I was being somewhat sarcastic but not completely. They put these commercials on radio saying “dont throw mercury in the trash” but they regret to inform you that your responsible for the cost. Not sure and call me crazy but I believe that’s called false advertising. The other problem is the pendulum that is America. Years ago people would dump waste oil down drains. well, we finally realized hey, that’s a really stupid idea maybe we should stop that. Now the pendulum, instead of stopping in the middle has swung full bore tilt the other way. its just as out of control as it was the other way. It needs to come back closer to the middle.

      • tsal

        I absolutely agree. I did some further checking and the cost to dispose of this stuff is really that high. From what I understand, mercury is sent to Canada where it is cleaned and then sent back here to reuse. But because of regulation and the staff and equipment needed to meet the regulation – which as you say swung far too much to one side – it makes the person want to do the wrong thing.

  • MCS

    Sigh—of course we CARE but she over reacted by calling
    911 about a broken thermometer and admits now that she should just have put it in a container and waited for Hazardous Waste Day. Next thing people will be calling HazMat to pick up one of those “efficient” new light bulbs that contain mercury, how that’s progress escapes me.
    I save all my used batteries for hazardous waste day and recycle religiously but we have completely lost our common sense when guys are suiting up to clean up a Thermometer!
    We eat food that we trust is safe. We drink water that we trust is safe and that’s all we can do. We seem to think we can prevent any and all unpleasantness, disease, accident etc.. Not that we shouldn’t try, we should but this is ridiculous. Nuts even. Just my opinion.

    • tsal

      would the town take mercury as a hazardous waste? It would make sense but it typically has to be placed in a container with oil to keep it from evaporating and fumes escaping. That’s the minimal solution. There are very strict rules on how it should be packed and those are what have to be followed. Although I think regulation has gone to the extreme, the rules on how to handle hazardous waste are tested and true.

      Judging from some of the comments here it didn’t much seem that people cared about how to dispose of hazardous waste.

      Joe is very correct about dumping oil. PCBs and askarels are showing up everywhere and continue to be a problem.

    • tsal

      I was thinking about your comment that suiting up for a thermometer was overkill. The mercury from just three standard thermometers will take the level above recommended limits in a room. These people are handing the mercury. You can do that – although I wouldn’t advise it – but I don’t think anyone has the right to tell a fireman or any hazmat person that something that is dangerous should not be handled with the greatest of care.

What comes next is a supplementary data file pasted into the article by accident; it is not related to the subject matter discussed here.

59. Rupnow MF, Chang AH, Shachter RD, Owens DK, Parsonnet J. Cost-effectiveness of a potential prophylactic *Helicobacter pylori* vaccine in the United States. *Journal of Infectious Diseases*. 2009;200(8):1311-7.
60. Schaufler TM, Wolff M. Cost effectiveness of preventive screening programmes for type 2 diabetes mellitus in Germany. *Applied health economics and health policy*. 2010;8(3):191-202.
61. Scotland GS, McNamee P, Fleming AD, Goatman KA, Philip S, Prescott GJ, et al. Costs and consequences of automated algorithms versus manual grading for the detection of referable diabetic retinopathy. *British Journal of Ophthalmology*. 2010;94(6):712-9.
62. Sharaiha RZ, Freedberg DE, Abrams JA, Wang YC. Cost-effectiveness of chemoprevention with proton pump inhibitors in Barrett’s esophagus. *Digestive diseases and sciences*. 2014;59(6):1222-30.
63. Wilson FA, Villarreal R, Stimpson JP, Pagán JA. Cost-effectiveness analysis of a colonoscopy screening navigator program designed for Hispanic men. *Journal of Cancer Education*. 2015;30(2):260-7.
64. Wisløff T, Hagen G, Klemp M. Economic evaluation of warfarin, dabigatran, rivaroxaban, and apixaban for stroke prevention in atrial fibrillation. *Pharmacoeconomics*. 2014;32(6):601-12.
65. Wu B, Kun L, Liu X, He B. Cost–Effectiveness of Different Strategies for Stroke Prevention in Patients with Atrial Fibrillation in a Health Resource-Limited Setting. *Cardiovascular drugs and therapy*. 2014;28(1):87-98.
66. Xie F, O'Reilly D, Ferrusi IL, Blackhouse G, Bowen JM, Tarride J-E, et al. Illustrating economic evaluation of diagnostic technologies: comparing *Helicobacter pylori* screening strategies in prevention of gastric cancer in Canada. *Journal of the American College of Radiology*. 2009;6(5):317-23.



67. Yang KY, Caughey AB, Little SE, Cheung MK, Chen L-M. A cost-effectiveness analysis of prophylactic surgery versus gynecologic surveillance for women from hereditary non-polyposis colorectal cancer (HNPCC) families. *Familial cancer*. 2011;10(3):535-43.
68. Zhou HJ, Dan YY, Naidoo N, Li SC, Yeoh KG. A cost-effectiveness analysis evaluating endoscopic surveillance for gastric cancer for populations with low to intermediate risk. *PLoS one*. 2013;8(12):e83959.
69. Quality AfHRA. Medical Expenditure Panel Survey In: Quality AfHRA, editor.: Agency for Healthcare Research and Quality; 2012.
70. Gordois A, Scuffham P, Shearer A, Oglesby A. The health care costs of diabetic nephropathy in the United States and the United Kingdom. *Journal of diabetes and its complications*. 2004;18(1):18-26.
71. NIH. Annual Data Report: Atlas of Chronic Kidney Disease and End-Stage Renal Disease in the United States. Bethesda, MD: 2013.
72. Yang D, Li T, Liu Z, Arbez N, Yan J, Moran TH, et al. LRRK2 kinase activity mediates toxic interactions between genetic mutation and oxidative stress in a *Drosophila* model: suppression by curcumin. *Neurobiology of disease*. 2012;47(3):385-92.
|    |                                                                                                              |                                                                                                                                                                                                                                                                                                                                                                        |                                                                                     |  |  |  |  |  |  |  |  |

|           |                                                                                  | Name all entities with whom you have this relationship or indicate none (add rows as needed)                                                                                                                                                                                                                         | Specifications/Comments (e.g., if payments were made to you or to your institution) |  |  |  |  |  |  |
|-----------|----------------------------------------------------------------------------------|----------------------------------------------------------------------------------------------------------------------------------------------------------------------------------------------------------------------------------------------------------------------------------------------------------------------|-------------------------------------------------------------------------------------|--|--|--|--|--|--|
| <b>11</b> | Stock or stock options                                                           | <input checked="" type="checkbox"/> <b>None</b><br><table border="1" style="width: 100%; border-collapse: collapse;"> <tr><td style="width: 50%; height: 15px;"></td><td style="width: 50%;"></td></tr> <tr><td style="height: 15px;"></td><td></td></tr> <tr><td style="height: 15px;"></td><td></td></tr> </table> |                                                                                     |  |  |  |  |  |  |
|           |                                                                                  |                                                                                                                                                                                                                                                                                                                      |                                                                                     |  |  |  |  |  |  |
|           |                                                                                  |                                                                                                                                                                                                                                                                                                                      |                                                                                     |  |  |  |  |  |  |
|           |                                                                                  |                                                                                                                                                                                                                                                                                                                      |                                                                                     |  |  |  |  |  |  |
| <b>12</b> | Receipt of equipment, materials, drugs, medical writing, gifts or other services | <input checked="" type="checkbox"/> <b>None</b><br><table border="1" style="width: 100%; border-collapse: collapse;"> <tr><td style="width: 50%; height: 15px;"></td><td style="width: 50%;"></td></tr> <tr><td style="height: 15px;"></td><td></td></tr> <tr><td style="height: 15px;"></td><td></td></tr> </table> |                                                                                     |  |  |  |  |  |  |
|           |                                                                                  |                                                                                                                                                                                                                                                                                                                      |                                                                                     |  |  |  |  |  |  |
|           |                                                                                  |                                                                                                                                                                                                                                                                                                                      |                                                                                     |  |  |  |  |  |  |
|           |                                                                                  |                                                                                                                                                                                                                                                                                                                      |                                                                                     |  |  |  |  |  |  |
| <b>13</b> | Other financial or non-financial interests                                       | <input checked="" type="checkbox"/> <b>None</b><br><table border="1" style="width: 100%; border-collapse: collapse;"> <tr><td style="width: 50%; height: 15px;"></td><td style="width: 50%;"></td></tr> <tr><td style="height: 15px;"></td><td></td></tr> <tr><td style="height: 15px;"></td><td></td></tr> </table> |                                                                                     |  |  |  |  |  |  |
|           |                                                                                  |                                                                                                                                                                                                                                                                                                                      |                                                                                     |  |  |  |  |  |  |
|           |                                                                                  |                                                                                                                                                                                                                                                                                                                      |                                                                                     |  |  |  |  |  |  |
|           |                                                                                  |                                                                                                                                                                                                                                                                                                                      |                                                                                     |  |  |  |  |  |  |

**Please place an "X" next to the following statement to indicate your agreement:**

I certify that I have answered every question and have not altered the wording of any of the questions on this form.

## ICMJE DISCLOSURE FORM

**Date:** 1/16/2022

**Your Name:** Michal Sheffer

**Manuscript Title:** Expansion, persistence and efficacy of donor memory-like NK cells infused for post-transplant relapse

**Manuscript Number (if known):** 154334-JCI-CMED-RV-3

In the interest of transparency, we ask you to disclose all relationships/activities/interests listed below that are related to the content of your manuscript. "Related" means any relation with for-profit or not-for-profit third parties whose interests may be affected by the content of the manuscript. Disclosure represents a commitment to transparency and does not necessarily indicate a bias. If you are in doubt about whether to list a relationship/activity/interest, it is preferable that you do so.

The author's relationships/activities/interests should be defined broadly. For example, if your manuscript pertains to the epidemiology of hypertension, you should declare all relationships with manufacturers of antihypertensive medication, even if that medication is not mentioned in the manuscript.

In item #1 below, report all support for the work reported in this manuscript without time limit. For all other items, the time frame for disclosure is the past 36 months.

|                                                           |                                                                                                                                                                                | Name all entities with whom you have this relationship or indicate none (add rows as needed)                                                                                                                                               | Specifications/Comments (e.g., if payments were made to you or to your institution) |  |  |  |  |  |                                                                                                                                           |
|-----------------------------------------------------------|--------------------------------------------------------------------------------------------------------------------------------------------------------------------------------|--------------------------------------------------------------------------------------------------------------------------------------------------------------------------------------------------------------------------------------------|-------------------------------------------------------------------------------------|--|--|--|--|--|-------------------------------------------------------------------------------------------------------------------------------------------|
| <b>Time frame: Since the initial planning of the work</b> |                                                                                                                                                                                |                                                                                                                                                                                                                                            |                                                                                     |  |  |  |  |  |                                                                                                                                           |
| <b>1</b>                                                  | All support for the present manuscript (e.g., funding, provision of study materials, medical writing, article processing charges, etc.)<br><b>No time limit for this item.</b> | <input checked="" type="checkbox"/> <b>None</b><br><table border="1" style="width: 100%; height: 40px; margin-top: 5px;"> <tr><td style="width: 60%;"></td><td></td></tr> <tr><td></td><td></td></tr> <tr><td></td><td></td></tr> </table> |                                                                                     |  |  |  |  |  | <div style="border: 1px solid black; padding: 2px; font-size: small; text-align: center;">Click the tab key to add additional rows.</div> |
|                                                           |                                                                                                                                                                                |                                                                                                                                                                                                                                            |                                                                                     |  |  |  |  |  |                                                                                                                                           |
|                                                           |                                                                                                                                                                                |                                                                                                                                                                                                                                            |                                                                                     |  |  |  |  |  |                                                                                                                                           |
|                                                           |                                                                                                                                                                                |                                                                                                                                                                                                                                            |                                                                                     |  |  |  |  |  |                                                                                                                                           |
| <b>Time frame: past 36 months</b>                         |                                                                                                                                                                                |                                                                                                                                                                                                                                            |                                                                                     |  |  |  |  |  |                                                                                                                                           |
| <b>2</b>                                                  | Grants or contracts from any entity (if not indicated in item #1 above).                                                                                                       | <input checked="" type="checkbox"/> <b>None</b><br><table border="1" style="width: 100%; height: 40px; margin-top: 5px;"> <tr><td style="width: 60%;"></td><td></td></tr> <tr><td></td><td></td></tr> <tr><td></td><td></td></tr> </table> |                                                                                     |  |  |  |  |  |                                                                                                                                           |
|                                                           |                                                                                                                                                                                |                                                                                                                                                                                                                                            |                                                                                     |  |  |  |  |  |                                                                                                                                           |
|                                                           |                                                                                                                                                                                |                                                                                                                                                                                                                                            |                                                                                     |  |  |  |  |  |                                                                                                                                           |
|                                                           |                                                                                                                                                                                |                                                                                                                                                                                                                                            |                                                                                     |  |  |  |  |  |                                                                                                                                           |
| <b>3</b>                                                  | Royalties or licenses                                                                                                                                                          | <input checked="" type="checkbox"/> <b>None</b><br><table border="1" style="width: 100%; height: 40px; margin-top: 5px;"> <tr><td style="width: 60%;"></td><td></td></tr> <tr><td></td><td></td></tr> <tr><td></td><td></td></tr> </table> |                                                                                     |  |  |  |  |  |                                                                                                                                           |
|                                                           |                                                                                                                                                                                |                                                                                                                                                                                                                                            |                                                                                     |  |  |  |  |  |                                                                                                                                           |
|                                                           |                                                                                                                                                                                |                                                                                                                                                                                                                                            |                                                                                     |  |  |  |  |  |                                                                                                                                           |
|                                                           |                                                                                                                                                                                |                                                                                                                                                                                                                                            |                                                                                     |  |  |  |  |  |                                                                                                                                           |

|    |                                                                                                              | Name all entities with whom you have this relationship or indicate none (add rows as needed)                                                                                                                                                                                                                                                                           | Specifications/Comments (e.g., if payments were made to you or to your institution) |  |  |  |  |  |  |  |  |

• aug2992

        Adding oil to the mercury is not a recommended practice. It makes the mercury much more difficult to recover and then you have to also dispose of the oil. In order to keep vapors down, simply close or seal the container. Like I said before, the risk to someone exposed to mercury while cleaning up the amount released from thermometer is negligable. If someone is not comfortable doing the cleanup on their own, they can call for help. If they call the fire department and the hazmat team responds, they will get a bill for an incomplete cleanup and may still have to hire someone else. I am concerned about people disposing of the mercury impropery. In order to avoild that, they need an incentive to do the right thing. A $2000 bill is not an incentive.

      • tsal

        agu2992 – my husband is also in the industry and is very leary of anyone who doesn’t know what to do cleaning it up on their own. He was also surprised that the instructions didn’t include adding oil to the mercury to stop evaporation once it is contained. The instructions do say to call a licensed company – have you seen their prices?

        My comments were for the most part in regard to the lack of concern and being in the industry I would be surprised if that didn’t also concern you.

      • aug2992

        tsal, google mercury thermometer clean up and you will find that every state and federal environmental agency has the instructions posted to complete the cleanup yourself, Mercury is toxic, but in the time it takes to clean up the spill, there would be no risk. Long term exposure is a different story The hazmat team is not capable of doing a thorough cleanup. They only remove the visible beads. And yes, the mercury vapor levels still remain high after they are done and leave. I work in the industry and am very familiar with these incidents.